Saturday, April 27, 2013

The other Spider Wasp




When I think of spider wasps, usually the big Tarantula Hawk (Pepsis or Hemipepsis) comes to mind first. They are the most impressive members of the family Pompilidae or Spider Wasps. Huge, colorful, rating three out  of four on Justin O. Schmitd's pain index scale ...and we have many more species of the same family here in Arizona. I am finally learning to recognize them by their sturdy shape and the spurs on their hind tibiae, even when they are not dragging their name-giving prey around.

When caught and stung, the spider is paralyzed by the wasp's venom. The adult wasp will not feed from its prey but store it in a hole, dug by the wasp or often even by the spider itself if she was ground-dwelling. The solitary wasp will lay one egg on the spider and over time the wasp larva will develop, slowly eating the paralyzed spider alive. The wasp larva will then pupate and later emerge from the burrow as an adult.

Most primitive Hymenoptera follow this pattern. Provisioning the larvae with a nectar/pollen mix as practised by bees and some wasps is considered a phylogenetically higher development, as is the cooperative raising of the brood by several or many related females in the social wasp, bee and ant species.
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Isodontia elegans with a katidid
 Like the Pompilidae, wasp in the family Sphecidae (Thread-wasted Wasps) also provision their brood with paralyzed prey. Every species in this family targets its own very narrow range of  prey species. In an earlier blog I have described the two closely related Chlorion spp., the Steel-blue Cricket Hunter and the Cyaneus Roach Hunter that are easier to identify by their prey preferences than by their looks. 


Ammophila sp., I imagine that the long abdomen serves as a counter-weight for the long-bodied caterpillars that the members of this genus have to transport

 As a family Sphecides (Thread-waisted Wasps) can be easily recognized by the extremely elongate and thin waste, or petiolate abdomen, that all member-species have in common. It provides the wasp with the flexibilty to bring the stinger at the end of the abdomen forward to sting the prey insect that she is holding with her long legs.

While some Sphecids like Ammophila build rather simple ground nests that they close by pushing sand over the opening with their foreheads, others, like Isodontia (Gass Carrier Wasps)  close the entrance with a plug of specially collected grass cuttings. 



Other family members build far more elaborate structures. Last winter, Randy and our friend Frank watched a wasp flying repeatedly into the water heater cabinet on the side of Frank's house. When they finally told me, the wasp was gone but a cluster of mud cylinders, one of them still open,  was attached to a waterline. To my relief it was the line that feeds the swamp cooler, so the young wasps were in no danger of being cooked alive when Lyn and Frank were taking a hot shower.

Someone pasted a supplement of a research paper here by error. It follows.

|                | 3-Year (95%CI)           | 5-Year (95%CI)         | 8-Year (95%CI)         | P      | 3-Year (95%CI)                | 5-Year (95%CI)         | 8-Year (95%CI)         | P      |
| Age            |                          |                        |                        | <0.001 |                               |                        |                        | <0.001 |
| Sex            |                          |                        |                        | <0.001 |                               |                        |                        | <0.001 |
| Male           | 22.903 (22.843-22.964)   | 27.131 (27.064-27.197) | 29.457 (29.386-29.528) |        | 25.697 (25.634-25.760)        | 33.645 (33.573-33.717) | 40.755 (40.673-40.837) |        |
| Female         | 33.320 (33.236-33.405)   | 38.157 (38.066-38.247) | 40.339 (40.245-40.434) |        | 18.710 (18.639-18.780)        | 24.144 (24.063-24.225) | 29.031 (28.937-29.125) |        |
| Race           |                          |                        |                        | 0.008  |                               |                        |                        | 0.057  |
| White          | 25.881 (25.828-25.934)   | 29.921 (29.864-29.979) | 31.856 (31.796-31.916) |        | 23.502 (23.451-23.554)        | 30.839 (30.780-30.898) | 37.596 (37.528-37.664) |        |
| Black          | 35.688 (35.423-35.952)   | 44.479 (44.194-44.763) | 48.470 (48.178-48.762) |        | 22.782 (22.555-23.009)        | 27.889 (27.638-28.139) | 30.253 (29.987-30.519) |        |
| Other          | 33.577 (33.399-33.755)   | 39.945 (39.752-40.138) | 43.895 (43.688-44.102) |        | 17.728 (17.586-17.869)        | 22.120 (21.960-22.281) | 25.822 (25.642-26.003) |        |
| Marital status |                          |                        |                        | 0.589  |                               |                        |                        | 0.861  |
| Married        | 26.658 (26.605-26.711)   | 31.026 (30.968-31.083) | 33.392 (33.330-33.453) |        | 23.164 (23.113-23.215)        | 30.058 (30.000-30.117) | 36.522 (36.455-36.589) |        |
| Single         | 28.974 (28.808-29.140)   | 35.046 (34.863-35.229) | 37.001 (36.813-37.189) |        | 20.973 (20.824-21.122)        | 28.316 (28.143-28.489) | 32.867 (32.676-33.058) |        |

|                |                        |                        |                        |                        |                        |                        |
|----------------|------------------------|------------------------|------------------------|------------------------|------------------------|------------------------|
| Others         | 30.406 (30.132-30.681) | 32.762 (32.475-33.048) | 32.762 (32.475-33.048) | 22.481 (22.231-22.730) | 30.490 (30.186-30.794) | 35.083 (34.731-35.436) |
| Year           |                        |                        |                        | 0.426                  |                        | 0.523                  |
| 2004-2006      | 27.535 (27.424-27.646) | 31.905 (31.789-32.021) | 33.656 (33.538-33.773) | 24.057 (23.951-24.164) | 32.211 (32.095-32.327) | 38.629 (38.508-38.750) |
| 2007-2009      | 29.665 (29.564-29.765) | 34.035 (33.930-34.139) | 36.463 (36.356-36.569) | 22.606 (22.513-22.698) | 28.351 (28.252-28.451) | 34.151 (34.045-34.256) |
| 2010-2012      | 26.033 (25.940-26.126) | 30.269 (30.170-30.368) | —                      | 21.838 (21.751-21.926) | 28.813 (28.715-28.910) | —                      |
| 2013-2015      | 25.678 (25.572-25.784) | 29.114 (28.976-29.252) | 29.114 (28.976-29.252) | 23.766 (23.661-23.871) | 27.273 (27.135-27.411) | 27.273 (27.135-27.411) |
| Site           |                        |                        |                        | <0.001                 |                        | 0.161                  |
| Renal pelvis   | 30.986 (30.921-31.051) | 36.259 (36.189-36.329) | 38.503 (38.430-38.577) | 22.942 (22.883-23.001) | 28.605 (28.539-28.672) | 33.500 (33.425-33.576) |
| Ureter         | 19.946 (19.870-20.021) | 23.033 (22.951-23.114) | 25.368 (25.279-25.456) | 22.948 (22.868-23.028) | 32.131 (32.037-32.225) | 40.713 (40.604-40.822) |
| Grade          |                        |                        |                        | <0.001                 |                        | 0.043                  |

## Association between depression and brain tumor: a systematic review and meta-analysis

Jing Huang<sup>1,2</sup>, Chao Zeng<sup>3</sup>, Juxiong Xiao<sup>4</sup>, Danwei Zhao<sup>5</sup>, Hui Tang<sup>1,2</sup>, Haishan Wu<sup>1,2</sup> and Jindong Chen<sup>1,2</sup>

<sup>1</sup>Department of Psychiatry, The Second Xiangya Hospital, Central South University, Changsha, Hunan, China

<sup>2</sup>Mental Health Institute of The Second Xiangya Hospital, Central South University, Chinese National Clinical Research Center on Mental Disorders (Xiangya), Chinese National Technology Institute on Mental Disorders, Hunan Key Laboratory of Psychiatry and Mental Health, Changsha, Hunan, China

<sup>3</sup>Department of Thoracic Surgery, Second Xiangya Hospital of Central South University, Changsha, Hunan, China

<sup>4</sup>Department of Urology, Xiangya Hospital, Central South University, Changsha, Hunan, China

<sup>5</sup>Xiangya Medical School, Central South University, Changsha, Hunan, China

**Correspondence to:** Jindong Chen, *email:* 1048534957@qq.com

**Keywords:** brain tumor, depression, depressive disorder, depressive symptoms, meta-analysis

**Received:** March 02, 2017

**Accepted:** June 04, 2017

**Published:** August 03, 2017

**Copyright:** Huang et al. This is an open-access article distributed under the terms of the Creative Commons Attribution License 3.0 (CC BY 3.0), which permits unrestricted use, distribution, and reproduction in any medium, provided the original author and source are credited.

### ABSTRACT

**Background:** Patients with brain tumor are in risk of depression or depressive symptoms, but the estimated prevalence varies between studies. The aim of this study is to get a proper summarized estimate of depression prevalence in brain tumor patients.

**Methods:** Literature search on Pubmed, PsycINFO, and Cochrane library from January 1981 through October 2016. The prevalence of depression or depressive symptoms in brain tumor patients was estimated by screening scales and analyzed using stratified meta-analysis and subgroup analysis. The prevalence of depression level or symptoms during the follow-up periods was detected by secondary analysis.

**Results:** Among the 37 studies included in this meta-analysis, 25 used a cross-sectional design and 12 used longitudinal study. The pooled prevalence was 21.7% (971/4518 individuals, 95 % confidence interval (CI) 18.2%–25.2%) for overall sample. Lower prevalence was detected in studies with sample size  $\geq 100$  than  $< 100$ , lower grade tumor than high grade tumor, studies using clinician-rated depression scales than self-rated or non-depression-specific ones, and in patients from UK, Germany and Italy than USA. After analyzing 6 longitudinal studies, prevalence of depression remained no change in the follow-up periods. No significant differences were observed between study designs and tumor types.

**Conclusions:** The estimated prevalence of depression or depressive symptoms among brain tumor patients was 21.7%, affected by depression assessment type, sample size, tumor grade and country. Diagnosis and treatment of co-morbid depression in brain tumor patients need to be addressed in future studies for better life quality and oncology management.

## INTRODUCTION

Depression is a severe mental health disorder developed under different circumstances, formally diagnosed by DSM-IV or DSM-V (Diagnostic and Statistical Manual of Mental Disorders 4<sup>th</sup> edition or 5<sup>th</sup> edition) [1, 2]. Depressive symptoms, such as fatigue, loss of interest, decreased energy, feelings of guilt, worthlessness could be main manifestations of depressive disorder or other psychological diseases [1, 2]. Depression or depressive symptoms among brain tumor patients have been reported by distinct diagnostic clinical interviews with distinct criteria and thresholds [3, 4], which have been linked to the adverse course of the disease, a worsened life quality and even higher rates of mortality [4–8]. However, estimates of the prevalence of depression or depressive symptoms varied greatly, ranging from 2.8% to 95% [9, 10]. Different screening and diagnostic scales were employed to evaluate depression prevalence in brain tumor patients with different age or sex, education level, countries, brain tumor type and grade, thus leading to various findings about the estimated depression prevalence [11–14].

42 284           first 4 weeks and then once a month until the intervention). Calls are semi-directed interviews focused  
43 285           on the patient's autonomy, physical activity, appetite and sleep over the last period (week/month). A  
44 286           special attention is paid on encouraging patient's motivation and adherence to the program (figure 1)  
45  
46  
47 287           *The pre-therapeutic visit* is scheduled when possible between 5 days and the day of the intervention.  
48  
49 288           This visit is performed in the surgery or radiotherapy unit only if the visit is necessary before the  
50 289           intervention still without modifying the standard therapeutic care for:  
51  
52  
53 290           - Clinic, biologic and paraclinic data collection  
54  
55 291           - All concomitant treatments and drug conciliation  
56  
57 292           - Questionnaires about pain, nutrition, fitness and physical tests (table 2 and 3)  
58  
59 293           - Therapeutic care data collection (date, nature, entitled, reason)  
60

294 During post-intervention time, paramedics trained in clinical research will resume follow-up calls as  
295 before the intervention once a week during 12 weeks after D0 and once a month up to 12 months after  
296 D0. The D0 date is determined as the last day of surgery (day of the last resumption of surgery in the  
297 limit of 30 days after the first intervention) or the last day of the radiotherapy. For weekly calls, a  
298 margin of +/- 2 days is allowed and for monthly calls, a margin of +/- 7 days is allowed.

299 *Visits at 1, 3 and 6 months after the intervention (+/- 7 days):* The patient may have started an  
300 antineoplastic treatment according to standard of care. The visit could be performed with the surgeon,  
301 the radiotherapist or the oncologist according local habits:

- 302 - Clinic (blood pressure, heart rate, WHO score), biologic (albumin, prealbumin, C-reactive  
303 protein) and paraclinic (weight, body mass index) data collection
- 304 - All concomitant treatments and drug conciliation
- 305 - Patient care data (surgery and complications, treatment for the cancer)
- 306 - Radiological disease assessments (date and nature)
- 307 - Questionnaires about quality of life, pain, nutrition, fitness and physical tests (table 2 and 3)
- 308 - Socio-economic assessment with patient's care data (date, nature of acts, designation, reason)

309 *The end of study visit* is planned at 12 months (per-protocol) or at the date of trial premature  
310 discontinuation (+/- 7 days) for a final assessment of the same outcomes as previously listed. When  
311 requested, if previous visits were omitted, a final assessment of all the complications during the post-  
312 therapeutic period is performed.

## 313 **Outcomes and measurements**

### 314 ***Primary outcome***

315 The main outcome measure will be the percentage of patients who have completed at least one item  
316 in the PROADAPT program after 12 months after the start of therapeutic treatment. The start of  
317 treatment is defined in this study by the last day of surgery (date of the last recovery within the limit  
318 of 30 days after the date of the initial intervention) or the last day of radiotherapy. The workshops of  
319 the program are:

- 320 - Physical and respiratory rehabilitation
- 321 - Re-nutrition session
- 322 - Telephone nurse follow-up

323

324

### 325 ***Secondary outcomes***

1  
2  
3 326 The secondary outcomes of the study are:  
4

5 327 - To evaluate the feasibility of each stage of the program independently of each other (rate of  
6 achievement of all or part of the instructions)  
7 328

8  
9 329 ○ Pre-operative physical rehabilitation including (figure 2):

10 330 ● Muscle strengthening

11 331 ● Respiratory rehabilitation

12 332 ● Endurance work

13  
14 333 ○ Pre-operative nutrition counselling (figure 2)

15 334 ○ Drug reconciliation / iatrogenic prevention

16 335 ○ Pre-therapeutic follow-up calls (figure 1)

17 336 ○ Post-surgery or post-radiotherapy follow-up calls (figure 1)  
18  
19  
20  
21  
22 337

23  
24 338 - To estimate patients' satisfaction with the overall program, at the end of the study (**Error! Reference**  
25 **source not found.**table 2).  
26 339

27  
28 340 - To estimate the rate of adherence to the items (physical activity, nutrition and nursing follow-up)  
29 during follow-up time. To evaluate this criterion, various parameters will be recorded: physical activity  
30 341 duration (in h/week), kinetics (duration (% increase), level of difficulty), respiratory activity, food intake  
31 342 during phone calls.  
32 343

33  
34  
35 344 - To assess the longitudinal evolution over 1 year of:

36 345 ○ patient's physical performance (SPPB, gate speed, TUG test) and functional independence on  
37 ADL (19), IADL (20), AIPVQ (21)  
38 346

I kept visiting the nest ever now and then, planning to eventually wrap it in gauze to catch at least one of the inhabitants.
From December to March nothing happened. 




 In mid April (yesterday), there was suddenly a second hole in the clump of hardened mud, and something seemed to be going on in the cylinder that was always open. When a slender black and yellow wasps suddenly emerged I wasn't prepared and only got a very blurry photo before he disappeared. By now I sensed that things would quickly begin to happen in the other chambers, too, so I removed the whole nest carefully and brought it home (to our bedroom where the light is best).


Black and Yellow Mud Dauber, Sceliphron caementarium, emerging

 I heard buzzing from at least two chambers. I now see that I positioned the nest up-side down, that may have aggravated the kids. The noise made me wonder: to buzz like that, they must be already clad in a well-hardened exoskeleton. No wonder Number One had made such a fast exit. But now I was ready.
Soon moist spots appeared where two cylinders were plugged with concrete-hard mud. Next a pair of mandibles pushed through and cut out a circular area which then fell outward. The head showed, the front legs, and seconds later the whole wasp emerged: A  Black and Yellow Mud Dauber,
Sceliphron caementarium.This one took off right away, too.

The next one allowed me to get my little camera ready for a short birthday video with sound:

video


Here is a link to the flickr version of the same video. I think the quality there is somewhat better than the blogger-direct-upload and not as cluttered as u-tube


Empty exuvia left in the chamber, spider leg top left side

 Removing the sidewall from the now empty chambers I found the empty, parchment like pupal exuvia and a single spider leg. A female Black and Yellow Mud Dauber catches spiders of many different species to stock the nursery before she lays one egg in each cylinder.  There is another, related Mud Dauber that preys mainly on Black Widow Spiders. Our healthy young wasps had finished all their provisions before they pupated.


 Here are 2 pupae that I removed before they hatched but that turned into adults later